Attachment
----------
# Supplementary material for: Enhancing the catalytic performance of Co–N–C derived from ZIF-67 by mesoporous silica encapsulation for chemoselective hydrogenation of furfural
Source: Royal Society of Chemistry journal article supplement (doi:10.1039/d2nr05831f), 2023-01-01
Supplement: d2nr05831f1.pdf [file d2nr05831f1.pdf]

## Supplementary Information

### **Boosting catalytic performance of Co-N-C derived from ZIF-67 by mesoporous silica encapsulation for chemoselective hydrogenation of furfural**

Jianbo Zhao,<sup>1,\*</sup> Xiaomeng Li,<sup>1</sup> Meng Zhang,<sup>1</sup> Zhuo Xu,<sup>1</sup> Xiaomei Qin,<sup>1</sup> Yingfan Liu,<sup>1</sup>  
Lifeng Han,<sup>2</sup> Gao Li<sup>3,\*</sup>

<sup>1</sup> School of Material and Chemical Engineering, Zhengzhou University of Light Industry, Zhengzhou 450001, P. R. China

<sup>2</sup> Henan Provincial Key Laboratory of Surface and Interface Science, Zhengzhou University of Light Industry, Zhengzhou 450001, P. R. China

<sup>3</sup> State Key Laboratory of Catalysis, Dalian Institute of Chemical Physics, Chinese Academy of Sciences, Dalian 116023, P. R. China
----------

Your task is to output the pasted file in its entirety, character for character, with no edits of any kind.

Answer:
# Supplementary material for: Enhancing the catalytic performance of Co–N–C derived from ZIF-67 by mesoporous silica encapsulation for chemoselective hydrogenation of furfural
Source: Royal Society of Chemistry journal article supplement (doi:10.1039/d2nr05831f), 2023-01-01
Supplement: d2nr05831f1.pdf [file d2nr05831f1.pdf]

## Supplementary Information

### **Boosting catalytic performance of Co-N-C derived from ZIF-67 by mesoporous silica encapsulation for chemoselective hydrogenation of furfural**

Jianbo Zhao,<sup>1,\*</sup> Xiaomeng Li,<sup>1</sup> Meng Zhang,<sup>1</sup> Zhuo Xu,<sup>1</sup> Xiaomei Qin,<sup>1</sup> Yingfan Liu,<sup>1</sup>  
Lifeng Han,<sup>2</sup> Gao Li<sup>3,\*</sup>

<sup>1</sup> School of Material and Chemical Engineering, Zhengzhou University of Light Industry, Zhengzhou 450001, P. R. China

<sup>2</sup> Henan Provincial Key Laboratory of Surface and Interface Science, Zhengzhou University of Light Industry, Zhengzhou 450001, P. R. China

<sup>3</sup> State Key Laboratory of Catalysis, Dalian Institute of Chemical Physics, Chinese Academy of Sciences, Dalian 116023, P. R. China